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Class, property and structural endogamy: Visualizing networked histories.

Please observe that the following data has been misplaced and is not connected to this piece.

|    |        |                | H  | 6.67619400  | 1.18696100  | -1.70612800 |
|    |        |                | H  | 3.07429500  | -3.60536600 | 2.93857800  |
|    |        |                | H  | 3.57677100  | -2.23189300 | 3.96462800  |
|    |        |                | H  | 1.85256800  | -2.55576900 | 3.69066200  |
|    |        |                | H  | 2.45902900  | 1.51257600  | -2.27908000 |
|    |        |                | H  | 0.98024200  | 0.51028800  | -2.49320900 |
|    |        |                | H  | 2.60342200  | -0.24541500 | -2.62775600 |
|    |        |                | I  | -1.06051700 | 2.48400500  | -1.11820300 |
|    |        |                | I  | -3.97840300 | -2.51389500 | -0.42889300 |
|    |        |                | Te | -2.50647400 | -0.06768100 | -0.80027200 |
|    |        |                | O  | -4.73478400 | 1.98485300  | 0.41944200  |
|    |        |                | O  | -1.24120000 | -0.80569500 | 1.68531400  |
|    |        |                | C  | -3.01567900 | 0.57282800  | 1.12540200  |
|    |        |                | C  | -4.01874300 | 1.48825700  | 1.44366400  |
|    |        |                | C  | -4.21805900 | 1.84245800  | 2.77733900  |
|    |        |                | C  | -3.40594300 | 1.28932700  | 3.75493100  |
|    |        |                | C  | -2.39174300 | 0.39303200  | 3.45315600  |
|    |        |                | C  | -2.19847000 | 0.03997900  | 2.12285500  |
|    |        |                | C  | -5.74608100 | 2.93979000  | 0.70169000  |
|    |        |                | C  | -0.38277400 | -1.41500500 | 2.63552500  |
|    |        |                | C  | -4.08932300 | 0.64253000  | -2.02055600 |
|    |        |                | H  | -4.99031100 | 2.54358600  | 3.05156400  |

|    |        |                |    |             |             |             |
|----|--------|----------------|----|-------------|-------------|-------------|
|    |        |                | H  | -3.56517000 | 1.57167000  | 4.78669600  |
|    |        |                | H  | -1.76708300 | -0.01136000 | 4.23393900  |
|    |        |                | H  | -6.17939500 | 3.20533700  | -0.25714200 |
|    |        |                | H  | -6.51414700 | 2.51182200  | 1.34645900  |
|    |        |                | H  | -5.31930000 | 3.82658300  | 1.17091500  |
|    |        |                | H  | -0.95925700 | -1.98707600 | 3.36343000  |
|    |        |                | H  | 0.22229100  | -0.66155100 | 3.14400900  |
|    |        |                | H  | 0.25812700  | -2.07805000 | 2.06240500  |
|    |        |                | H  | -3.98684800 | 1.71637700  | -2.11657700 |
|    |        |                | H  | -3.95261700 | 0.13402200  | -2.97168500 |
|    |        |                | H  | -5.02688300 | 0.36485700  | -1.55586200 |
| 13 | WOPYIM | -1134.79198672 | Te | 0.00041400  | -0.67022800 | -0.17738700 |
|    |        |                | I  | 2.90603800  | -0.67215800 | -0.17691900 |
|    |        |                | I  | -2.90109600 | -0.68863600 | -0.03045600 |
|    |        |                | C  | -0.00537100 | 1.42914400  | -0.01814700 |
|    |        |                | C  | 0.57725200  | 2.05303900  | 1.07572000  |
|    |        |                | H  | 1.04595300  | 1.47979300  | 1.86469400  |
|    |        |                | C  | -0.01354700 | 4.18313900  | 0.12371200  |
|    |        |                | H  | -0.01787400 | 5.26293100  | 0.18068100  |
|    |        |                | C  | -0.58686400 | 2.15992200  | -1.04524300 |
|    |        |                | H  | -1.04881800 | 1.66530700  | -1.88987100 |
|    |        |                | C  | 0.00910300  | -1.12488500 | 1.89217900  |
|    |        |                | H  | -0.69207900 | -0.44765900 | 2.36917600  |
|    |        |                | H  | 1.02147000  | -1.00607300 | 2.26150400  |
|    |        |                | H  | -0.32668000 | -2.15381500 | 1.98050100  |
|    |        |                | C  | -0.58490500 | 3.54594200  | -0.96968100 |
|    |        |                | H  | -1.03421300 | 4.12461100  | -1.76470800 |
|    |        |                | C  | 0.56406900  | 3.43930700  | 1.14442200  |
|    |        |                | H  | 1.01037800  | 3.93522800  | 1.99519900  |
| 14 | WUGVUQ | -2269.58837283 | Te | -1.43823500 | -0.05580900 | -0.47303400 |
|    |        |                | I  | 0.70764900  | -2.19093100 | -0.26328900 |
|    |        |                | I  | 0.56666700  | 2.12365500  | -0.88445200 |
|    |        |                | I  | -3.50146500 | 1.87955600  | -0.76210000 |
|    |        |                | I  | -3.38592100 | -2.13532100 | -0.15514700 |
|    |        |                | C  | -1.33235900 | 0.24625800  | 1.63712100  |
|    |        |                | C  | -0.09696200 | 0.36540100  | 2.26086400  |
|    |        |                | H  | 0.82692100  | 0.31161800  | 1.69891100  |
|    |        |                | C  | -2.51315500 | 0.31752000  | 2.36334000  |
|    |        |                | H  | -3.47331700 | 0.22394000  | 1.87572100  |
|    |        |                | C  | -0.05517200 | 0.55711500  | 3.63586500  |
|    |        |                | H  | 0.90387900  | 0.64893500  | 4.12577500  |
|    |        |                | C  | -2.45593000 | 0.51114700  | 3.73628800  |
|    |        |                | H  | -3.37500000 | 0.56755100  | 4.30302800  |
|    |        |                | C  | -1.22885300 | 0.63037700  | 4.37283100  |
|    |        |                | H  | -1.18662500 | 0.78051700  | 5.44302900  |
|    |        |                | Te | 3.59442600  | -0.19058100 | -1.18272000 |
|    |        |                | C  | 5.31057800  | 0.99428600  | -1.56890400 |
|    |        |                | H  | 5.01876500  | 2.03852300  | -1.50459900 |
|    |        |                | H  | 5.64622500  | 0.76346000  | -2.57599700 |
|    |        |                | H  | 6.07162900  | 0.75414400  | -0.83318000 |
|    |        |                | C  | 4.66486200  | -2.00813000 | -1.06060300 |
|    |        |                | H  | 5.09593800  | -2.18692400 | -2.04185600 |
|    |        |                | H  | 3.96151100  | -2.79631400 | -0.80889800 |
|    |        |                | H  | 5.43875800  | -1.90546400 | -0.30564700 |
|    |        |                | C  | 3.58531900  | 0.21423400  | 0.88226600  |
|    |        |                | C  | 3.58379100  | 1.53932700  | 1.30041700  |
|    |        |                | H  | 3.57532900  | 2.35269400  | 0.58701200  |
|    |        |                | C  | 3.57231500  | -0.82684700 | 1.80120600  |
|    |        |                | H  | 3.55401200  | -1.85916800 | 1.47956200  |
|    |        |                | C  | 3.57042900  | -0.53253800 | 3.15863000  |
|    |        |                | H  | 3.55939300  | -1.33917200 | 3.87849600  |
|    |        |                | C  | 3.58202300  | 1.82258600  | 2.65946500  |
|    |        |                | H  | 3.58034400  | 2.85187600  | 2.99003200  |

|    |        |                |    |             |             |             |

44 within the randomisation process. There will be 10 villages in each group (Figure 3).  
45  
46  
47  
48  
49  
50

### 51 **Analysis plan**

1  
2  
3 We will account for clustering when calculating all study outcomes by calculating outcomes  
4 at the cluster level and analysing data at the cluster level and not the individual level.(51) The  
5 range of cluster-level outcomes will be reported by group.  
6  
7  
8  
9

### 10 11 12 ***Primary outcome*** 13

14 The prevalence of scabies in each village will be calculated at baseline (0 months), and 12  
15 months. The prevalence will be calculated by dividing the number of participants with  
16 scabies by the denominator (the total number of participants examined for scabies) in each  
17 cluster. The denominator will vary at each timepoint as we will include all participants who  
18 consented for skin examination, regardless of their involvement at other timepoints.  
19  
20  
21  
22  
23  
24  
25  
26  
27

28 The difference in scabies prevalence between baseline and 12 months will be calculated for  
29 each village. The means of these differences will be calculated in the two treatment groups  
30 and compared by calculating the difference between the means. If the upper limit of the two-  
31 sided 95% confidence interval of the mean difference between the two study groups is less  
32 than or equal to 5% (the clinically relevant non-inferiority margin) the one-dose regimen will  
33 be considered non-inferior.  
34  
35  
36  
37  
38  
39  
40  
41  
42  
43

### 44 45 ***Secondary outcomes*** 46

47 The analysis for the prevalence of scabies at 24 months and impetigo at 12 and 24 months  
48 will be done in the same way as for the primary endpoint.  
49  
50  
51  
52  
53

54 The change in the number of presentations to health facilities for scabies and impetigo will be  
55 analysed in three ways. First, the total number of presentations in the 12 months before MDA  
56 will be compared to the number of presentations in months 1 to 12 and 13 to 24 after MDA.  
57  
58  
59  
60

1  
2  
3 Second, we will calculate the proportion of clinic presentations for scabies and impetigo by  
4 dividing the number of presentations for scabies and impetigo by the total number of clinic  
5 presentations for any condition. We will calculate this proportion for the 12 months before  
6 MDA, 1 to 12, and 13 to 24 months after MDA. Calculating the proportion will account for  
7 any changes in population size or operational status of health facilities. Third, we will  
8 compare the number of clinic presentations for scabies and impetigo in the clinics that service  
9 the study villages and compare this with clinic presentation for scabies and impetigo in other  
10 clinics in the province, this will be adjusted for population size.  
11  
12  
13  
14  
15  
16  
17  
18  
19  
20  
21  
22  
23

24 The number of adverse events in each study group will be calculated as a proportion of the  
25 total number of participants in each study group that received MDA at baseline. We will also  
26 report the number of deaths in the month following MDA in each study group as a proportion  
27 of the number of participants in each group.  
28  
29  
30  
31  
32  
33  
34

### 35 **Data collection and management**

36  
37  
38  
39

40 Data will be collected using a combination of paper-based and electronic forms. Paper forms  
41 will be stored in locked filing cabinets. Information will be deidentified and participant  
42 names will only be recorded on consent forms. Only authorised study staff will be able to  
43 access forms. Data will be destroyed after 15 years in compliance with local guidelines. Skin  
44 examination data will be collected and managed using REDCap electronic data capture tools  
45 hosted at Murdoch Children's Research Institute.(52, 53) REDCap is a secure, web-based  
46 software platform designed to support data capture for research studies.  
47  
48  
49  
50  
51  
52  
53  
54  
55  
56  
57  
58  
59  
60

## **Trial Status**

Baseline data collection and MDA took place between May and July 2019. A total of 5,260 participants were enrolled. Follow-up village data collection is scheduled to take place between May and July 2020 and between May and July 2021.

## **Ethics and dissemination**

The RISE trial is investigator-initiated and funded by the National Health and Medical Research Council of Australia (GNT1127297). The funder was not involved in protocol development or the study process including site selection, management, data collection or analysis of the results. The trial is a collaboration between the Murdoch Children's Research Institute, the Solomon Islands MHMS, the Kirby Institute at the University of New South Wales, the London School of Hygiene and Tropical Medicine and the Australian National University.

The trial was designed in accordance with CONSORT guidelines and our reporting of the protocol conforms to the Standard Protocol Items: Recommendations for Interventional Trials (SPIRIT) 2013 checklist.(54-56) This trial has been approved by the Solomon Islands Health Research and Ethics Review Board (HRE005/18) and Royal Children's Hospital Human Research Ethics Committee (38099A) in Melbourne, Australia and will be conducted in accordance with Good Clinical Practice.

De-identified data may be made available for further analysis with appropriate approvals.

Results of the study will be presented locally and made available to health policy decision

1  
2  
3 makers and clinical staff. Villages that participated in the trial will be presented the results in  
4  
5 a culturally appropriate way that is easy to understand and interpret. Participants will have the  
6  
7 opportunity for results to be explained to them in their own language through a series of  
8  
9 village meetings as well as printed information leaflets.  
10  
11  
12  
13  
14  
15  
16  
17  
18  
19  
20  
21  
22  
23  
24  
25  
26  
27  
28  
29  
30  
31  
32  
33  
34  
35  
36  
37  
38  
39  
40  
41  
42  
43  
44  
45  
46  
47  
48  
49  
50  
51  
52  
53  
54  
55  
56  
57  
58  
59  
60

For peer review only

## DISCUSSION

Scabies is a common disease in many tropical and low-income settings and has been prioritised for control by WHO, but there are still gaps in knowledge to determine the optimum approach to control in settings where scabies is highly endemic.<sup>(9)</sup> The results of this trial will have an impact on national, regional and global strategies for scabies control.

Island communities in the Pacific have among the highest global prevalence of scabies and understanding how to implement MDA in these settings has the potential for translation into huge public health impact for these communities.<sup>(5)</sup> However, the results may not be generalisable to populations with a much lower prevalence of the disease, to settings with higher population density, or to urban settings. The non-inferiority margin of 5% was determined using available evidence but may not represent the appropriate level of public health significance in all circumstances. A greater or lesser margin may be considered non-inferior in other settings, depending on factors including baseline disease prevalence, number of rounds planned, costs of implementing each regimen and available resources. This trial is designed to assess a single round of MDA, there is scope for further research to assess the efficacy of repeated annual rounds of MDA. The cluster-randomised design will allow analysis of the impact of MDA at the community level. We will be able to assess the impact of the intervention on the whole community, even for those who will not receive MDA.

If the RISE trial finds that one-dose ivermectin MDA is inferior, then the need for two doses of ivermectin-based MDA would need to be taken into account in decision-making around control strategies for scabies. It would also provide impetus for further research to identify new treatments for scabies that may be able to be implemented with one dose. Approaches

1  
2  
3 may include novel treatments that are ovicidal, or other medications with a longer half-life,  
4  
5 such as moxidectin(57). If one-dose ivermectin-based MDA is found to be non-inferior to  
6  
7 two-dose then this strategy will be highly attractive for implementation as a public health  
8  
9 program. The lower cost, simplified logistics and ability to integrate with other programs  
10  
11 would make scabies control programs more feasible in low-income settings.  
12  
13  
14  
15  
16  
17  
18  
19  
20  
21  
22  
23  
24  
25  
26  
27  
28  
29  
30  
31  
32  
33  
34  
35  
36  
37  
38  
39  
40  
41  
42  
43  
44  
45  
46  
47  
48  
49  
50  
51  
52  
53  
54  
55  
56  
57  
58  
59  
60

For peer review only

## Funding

This is the first theoretical application of the concept of structural endogamy as identifying an empirical variable or boundary condition within social networks that is linked in causal-explanatory ways to social class formation. Using an ethnographically rich case study of an Austrian village in which oral and (ca. 100) household genealogies provide 150 years of marriage network data, while manorial archives continue the stem-line household genealogies back to the founding of the "house system" in 1517, the hypothesis is formulated that the social class boundary between farmstead owner-operators (including heirs and buyers) and secondary service occupations not linked to farmstead ownership is established and maintained through the mechanism of structural endogamy. Two principles of inheritance are in conflict in this farmstead house-system, that of passing the principal productive property intact to a principal heir (usually a son, or if not is available, a daughter), and that of the intestate rights of children to equal division of parental inheritance. The use of wills or testaments resolves his conflict through "equitable division" which maintains stem-line impartibility of farmsteads along with quitclaims to those who are not principal heirs. Structural endogamy, in this case specifically the marriage of a potential heir to a spouse who brings in divided property from another divided patrimonial stemline, is shown to be (1) a qualification for class membership via principal heirship, (2) a means of reconstituting subdivided estates, and (3) a means of social perpetuation of the two-class system which often even divides siblings within the same nuclear family. The predicted statistical relationship between class-membership, heirship and structural endogamy is confirmed empirically and implications for new approaches to studies of social class formation are discussed.

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